3. Communicate with your vendors so they know your financial status. If you ever need to postpone a payment, you’ll need their trust and understanding.
4. Carefully investigate merchants’ promises of discounts for early payments. These may equate to pricey loans to your suppliers, or they may present you with a change to cut total prices.
5. Don’t always concentrate on the lowest price when picking vendors. Sometimes more flexible payment arrangements might boost your cash flow more than a bargain-basement pricing.
Sooner or later, you will anticipate or find yourself in a circumstance where you lack the funds to pay your payments. This doesn’t imply you’re a failure as a businessperson – you’re a typical entrepreneur who can’t precisely forecast the future. And there are typical, daily business procedures that might assist you manage the gap.
The key to handling financial deficits is to become aware of the situation as early and as precisely as possible. Banks are suspicious of borrowers who have to have money now. They’d rather prefer loan to you before you need money, ideally months before. When the reason you are caught short is because you failed to prepare, a lender is not going to be particularly interested in bailing you out.
If you believe from the outset that you will eventually be short on cash, you may apply for a line of credit at your bank. This enables you to borrow money up to a predefined limit every time you need it. Since it’s significantly simpler to borrow when you don’t need it, organizing a credit line before you are short is crucial.
If lenders won’t assist, turn next to your suppliers. These folks are more concerned in keeping you running than a banker, and they probably know more about your firm. You may frequently secure longer terms from suppliers that equate to a big, low-cost loan simply by asking. That’s particularly true if you’ve been a good client in the past and kept them updated about your financial condition.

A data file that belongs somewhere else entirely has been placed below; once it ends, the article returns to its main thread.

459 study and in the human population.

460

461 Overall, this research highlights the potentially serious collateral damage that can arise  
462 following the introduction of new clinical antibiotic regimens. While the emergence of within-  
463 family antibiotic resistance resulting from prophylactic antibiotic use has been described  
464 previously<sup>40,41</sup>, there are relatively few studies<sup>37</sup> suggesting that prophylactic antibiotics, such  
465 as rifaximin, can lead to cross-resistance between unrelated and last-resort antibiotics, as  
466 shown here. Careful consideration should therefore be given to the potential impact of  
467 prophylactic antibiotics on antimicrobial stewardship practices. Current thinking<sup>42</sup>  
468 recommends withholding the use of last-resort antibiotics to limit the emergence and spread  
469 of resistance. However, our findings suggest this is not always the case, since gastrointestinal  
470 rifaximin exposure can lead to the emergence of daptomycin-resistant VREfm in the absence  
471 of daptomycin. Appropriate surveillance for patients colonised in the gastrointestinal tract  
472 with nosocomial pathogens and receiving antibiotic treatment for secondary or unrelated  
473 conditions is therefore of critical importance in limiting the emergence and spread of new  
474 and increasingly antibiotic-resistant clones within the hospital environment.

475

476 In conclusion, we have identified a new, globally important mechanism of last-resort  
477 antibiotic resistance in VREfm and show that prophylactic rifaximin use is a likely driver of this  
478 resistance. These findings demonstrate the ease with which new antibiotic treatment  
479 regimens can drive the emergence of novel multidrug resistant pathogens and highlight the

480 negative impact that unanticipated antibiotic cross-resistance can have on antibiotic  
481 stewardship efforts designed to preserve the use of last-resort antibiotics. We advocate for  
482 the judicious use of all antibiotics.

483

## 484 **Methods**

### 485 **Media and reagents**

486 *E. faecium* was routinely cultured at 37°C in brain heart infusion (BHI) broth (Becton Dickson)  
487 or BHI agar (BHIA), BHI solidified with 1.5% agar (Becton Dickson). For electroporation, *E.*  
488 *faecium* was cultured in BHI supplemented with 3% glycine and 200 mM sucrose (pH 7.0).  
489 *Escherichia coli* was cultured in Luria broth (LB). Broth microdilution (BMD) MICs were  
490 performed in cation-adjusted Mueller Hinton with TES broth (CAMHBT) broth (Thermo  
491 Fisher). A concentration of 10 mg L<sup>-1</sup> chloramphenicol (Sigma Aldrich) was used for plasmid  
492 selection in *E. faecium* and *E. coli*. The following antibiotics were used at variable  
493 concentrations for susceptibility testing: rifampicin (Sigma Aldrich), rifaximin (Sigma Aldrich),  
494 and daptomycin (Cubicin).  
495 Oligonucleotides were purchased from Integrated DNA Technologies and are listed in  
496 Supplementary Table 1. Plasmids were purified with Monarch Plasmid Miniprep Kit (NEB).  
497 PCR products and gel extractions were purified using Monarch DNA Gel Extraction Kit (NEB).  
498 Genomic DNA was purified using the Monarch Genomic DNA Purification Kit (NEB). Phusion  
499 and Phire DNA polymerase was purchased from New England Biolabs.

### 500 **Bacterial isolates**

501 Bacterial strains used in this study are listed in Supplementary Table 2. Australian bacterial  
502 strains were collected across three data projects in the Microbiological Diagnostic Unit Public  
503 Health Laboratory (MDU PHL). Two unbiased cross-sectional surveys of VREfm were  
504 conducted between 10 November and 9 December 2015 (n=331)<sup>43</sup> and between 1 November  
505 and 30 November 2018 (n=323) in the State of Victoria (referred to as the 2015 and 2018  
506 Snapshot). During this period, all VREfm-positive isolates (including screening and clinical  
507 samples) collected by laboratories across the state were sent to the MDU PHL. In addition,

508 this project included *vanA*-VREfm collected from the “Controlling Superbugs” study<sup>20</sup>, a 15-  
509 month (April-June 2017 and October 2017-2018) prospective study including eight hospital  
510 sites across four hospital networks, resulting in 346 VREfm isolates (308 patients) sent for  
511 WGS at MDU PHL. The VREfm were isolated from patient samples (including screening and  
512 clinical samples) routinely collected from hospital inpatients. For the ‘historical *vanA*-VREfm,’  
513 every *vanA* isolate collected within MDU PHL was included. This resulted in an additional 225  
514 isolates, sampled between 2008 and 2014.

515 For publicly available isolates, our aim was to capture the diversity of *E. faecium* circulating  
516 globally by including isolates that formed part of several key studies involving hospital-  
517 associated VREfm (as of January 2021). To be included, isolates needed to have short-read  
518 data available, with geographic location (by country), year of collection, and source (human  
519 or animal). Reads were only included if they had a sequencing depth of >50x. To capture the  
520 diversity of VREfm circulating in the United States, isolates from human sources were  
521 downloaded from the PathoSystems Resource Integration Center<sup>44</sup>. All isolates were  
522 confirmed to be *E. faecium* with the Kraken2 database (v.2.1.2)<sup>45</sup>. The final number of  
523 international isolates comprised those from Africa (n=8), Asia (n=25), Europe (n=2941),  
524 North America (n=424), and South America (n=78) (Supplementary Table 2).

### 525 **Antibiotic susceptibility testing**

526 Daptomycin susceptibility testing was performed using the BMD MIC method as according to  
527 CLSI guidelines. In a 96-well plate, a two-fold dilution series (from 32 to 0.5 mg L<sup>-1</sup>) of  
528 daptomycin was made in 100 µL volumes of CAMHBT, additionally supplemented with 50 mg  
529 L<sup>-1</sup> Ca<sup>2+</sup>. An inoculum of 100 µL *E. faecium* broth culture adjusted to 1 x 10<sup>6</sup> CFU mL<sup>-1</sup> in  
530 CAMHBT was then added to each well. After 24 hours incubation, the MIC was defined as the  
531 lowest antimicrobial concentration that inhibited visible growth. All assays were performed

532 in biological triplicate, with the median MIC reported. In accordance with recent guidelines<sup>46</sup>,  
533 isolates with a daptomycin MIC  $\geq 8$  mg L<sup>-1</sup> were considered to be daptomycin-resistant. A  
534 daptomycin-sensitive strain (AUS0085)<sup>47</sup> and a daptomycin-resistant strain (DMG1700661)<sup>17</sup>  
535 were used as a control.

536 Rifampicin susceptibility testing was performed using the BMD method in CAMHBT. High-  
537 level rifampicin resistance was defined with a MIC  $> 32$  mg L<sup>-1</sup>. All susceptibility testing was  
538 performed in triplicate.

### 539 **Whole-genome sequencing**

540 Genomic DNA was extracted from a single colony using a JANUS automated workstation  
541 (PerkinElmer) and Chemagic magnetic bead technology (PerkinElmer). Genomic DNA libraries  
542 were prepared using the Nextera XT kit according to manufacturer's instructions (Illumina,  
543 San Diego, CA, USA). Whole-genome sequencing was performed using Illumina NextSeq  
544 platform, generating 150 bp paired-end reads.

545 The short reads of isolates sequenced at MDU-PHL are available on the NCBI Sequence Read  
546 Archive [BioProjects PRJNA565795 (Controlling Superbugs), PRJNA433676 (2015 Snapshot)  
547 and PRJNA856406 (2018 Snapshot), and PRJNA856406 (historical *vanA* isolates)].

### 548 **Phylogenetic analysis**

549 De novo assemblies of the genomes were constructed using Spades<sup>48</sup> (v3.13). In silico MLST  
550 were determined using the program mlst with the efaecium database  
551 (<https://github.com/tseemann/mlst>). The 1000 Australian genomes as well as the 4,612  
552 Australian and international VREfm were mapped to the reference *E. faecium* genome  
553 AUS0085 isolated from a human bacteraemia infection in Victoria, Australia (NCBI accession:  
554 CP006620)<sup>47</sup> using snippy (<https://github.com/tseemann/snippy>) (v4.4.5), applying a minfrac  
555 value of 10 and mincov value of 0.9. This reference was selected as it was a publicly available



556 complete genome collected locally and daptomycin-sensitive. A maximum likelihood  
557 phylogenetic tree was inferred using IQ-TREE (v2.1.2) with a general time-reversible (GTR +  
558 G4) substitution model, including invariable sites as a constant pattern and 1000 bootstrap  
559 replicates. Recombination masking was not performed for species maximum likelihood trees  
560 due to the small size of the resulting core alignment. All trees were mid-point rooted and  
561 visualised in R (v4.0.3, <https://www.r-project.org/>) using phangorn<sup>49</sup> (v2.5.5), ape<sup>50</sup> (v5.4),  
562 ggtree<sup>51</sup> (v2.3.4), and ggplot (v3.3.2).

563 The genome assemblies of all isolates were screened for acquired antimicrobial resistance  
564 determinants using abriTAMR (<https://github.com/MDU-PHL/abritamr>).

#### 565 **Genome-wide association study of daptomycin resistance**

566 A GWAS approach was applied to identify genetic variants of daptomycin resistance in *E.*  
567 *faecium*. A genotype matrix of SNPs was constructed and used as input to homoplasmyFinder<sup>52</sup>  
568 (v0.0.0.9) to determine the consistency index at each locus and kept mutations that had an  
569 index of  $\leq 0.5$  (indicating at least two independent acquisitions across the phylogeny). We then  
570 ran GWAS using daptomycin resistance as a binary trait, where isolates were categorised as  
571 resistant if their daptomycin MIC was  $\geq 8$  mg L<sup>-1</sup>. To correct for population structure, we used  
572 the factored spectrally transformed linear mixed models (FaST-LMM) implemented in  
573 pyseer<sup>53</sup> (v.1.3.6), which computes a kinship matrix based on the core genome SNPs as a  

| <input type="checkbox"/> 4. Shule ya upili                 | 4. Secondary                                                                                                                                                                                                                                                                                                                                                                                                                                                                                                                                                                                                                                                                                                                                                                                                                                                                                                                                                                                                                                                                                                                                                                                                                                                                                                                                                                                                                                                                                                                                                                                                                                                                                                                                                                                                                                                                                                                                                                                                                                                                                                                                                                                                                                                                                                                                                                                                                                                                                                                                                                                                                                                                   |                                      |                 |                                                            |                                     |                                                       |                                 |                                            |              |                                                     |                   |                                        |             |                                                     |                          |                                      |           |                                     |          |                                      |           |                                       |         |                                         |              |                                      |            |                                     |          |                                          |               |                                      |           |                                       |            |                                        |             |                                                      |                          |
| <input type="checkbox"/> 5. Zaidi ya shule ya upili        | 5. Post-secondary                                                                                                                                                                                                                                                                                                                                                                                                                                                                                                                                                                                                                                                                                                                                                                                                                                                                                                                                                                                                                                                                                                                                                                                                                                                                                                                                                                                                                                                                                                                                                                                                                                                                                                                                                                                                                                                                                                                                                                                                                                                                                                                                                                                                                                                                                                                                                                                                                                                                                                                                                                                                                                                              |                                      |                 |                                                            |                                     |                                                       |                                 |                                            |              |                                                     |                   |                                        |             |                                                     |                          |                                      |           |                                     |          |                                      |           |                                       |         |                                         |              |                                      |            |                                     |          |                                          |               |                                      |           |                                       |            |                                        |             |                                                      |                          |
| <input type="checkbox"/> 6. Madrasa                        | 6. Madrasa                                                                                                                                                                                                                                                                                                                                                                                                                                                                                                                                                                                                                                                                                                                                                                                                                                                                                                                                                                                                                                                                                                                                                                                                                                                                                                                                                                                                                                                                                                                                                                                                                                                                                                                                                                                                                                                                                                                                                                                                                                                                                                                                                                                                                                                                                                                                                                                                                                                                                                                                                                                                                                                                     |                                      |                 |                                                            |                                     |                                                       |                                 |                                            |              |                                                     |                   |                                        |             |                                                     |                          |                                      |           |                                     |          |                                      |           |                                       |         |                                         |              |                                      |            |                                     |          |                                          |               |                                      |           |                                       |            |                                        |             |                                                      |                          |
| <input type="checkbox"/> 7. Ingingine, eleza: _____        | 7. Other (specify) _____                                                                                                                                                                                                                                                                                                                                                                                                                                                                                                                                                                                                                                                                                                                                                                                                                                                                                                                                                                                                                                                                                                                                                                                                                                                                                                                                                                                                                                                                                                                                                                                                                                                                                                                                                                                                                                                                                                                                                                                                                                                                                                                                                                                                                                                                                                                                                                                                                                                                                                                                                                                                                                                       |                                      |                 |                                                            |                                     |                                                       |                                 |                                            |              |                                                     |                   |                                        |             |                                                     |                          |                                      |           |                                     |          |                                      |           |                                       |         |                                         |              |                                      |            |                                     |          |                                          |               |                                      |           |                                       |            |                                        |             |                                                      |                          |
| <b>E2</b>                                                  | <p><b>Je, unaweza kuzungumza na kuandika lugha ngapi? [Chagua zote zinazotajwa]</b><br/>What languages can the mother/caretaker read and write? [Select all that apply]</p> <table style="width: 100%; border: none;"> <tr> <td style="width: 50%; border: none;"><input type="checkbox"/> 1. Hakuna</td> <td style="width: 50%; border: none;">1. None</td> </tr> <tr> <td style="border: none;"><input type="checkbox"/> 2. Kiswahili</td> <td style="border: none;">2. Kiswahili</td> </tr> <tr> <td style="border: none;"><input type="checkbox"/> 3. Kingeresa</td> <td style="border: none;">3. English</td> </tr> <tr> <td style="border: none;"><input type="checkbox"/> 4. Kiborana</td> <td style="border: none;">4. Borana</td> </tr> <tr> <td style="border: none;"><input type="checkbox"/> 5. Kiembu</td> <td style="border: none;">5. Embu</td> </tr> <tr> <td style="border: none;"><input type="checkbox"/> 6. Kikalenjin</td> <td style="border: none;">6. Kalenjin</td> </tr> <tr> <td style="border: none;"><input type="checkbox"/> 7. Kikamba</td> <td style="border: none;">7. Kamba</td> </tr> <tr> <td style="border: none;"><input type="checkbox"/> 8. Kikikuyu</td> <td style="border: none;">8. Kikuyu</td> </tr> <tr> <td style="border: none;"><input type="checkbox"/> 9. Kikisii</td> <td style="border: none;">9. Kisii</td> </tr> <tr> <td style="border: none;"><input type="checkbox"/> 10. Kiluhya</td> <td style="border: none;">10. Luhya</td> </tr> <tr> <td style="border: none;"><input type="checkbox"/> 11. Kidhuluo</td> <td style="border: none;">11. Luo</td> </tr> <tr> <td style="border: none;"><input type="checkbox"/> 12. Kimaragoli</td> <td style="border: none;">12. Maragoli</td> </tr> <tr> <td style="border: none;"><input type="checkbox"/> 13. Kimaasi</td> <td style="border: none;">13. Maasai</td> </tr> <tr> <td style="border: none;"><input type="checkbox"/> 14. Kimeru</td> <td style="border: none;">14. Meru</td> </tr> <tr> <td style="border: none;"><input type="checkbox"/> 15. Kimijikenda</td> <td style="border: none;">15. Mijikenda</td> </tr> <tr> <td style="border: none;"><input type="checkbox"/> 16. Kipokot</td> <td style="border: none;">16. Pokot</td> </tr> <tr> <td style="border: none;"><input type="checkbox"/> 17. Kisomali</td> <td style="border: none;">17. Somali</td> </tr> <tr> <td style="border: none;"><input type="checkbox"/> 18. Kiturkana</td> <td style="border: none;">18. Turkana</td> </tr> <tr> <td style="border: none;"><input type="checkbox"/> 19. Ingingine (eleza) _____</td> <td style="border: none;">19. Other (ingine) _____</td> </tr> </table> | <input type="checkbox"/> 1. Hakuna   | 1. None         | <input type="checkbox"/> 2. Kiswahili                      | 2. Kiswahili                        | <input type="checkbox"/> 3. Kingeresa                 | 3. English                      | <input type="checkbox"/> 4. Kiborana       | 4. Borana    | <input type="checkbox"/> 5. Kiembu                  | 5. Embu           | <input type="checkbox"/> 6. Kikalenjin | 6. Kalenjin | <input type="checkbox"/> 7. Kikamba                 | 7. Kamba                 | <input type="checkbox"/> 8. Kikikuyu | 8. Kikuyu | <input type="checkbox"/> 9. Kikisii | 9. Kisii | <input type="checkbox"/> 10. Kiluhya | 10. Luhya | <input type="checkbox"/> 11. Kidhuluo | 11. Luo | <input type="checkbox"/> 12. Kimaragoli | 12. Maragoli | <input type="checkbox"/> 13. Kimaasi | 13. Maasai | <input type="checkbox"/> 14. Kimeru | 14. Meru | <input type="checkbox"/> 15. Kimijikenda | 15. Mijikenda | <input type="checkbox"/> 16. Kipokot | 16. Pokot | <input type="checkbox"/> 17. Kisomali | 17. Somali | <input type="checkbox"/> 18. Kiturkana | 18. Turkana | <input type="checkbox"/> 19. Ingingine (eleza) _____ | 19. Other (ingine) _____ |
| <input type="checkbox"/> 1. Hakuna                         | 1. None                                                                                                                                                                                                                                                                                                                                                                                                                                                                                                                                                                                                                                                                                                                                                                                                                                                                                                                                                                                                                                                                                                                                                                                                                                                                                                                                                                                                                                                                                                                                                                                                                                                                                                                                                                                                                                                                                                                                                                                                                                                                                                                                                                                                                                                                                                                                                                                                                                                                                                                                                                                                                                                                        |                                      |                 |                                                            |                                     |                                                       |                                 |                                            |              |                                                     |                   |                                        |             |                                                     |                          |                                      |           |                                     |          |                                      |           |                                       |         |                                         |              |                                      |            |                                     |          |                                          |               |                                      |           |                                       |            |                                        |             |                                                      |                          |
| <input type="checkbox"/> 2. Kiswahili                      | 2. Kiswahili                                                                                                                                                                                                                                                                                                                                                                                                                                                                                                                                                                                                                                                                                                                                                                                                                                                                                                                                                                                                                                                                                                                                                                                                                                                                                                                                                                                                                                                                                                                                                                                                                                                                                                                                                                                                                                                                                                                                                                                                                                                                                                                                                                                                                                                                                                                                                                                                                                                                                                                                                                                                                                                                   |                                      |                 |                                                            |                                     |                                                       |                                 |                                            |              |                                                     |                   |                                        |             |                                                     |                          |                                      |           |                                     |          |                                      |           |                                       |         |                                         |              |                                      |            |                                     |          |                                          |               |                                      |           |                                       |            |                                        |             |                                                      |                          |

Consider utilizing factors. These are financial service providers that can pay you today for receivables you may not otherwise be able to collect on for weeks or months. You’ll get as much as 15 percent less than you would otherwise, because factors require a discount, but you’ll remove the headache of collecting and be able to support present operations without taking out a loan.
Ask your greatest customers to speed payments. Explain the circumstances and, if required, provide a reduction of a percentage point or two off the amount. You should also go after your worst customers-those whose bills are more than 90 days past due. Offer them a higher discount if they pay now.
You may be able to obtain cash by selling and leasing back assets like as machinery, equipment, computers, phone systems and even office furniture. Leasing businesses may be willing to undertake the transactions. It’s not inexpensive, though, and you may lose your valuables if you skip lease payments.
Choose the bills you’ll pay with care. Don’t only pay the lowest-paid employees and ignore the rest. Ask the rest whether you may skip a payment or make a reduced payments.
Instead of refusing to do business with slow-paying customers, consider implementing a cash-on-delivery (c.o.d.) policy.